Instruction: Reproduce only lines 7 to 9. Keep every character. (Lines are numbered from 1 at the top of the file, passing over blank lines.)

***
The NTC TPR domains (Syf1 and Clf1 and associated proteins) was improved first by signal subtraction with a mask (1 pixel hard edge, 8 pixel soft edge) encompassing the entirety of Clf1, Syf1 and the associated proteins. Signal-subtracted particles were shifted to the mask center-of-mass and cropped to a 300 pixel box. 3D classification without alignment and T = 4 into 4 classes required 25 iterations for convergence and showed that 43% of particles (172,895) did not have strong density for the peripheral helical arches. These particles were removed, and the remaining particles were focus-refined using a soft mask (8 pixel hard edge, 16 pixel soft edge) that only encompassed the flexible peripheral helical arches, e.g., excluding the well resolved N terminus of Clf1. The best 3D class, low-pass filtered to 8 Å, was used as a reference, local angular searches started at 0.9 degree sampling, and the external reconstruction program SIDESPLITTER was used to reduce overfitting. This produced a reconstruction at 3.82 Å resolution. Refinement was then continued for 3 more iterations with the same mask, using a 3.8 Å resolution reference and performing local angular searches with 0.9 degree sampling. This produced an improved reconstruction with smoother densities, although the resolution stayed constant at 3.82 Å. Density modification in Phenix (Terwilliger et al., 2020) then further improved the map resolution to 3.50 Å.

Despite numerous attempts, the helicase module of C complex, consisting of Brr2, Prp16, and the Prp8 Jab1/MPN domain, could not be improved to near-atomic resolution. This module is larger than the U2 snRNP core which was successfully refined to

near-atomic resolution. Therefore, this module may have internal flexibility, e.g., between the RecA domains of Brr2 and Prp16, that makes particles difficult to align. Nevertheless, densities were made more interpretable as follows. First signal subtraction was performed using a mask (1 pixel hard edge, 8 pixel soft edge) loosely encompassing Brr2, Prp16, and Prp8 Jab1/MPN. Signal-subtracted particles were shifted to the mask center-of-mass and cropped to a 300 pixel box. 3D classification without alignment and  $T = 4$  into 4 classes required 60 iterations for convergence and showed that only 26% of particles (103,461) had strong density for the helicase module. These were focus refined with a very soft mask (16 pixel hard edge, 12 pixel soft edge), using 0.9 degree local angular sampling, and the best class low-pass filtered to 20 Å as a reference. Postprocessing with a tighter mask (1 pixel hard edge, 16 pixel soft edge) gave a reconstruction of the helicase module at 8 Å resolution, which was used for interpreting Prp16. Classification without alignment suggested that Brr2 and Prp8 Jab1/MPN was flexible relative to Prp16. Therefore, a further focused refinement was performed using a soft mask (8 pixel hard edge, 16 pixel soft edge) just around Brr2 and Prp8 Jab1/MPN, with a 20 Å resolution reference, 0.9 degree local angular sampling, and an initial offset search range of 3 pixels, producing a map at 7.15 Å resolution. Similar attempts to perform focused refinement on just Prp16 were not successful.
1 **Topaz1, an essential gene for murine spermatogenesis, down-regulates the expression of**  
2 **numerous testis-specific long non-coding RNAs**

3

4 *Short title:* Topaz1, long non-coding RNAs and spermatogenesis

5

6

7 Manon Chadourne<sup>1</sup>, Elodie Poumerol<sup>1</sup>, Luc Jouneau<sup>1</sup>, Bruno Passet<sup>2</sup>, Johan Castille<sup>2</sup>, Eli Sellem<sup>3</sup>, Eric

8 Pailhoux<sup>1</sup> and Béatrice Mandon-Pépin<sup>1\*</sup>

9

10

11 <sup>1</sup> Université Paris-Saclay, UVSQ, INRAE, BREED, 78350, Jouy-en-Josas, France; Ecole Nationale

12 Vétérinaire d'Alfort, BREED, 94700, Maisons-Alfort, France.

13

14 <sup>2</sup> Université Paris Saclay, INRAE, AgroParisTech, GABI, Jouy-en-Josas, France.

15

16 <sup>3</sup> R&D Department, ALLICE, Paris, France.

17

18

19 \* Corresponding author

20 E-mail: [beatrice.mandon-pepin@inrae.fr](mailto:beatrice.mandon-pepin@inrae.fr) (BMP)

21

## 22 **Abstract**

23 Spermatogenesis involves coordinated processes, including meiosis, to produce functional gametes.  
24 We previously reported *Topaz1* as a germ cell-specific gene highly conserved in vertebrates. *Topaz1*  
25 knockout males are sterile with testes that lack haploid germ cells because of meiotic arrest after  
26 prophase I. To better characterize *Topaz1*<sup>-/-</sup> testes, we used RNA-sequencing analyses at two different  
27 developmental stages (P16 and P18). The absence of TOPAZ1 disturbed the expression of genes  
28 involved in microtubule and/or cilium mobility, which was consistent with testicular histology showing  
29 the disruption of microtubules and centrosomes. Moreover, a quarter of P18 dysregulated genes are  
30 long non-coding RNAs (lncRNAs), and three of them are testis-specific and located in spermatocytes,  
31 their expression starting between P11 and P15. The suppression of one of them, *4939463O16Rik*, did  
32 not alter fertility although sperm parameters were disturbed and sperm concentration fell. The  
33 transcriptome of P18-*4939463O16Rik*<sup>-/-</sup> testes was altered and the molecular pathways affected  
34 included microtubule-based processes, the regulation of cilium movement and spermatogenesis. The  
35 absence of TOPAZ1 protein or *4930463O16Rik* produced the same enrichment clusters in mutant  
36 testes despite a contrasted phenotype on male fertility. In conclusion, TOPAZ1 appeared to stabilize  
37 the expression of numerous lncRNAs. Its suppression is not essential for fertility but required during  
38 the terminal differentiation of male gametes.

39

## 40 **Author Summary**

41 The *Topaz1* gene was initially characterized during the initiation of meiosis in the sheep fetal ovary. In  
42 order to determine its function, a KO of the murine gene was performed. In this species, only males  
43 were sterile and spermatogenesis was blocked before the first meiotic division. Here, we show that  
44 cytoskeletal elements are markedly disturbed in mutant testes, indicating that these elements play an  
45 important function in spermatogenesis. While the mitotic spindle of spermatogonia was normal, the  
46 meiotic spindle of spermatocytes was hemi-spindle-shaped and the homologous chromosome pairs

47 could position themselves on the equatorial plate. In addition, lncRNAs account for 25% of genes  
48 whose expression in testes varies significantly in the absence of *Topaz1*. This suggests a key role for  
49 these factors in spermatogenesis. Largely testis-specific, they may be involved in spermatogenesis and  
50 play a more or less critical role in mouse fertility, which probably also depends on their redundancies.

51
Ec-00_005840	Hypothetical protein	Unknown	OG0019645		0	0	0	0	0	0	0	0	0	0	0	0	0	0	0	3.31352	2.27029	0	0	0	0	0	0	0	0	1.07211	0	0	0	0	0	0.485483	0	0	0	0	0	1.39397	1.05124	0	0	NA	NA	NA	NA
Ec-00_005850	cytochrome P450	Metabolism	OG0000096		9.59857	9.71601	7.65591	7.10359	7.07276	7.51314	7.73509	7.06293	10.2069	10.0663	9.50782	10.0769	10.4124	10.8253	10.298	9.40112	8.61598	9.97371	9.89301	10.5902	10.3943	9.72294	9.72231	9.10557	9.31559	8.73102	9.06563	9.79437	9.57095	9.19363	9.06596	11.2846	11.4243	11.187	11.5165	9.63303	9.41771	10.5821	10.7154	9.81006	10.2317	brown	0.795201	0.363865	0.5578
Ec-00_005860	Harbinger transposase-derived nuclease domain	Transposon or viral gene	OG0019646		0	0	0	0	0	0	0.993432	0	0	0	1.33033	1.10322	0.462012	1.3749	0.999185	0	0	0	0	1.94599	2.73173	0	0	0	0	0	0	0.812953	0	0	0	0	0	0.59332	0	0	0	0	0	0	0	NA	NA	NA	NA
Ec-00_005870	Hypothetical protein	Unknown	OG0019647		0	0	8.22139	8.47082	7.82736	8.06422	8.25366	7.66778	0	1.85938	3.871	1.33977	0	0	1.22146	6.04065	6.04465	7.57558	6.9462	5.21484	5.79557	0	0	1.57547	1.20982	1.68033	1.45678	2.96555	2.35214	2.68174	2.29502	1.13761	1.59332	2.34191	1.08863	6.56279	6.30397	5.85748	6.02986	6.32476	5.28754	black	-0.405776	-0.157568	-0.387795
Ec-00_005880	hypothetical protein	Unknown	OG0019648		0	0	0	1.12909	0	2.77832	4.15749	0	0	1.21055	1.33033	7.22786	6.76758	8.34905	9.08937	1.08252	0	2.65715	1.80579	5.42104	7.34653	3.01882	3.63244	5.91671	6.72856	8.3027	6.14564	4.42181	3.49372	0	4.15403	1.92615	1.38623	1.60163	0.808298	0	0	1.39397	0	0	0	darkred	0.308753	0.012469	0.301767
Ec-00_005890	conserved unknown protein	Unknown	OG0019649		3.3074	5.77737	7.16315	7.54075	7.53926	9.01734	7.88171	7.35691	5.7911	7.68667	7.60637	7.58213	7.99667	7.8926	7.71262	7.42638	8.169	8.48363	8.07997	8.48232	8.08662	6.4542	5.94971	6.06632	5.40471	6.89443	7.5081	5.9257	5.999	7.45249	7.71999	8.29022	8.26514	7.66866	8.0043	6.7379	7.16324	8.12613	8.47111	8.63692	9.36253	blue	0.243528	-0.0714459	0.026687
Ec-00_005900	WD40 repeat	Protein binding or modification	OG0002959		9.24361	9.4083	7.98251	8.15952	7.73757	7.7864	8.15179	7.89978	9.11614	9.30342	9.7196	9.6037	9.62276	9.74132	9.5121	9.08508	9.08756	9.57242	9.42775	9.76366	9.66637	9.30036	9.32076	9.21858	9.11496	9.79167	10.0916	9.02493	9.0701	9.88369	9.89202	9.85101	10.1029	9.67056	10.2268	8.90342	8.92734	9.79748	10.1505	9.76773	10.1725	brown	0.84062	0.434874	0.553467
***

4 *Short title:* Topaz1, long non-coding RNAs and spermatogenesis

5

6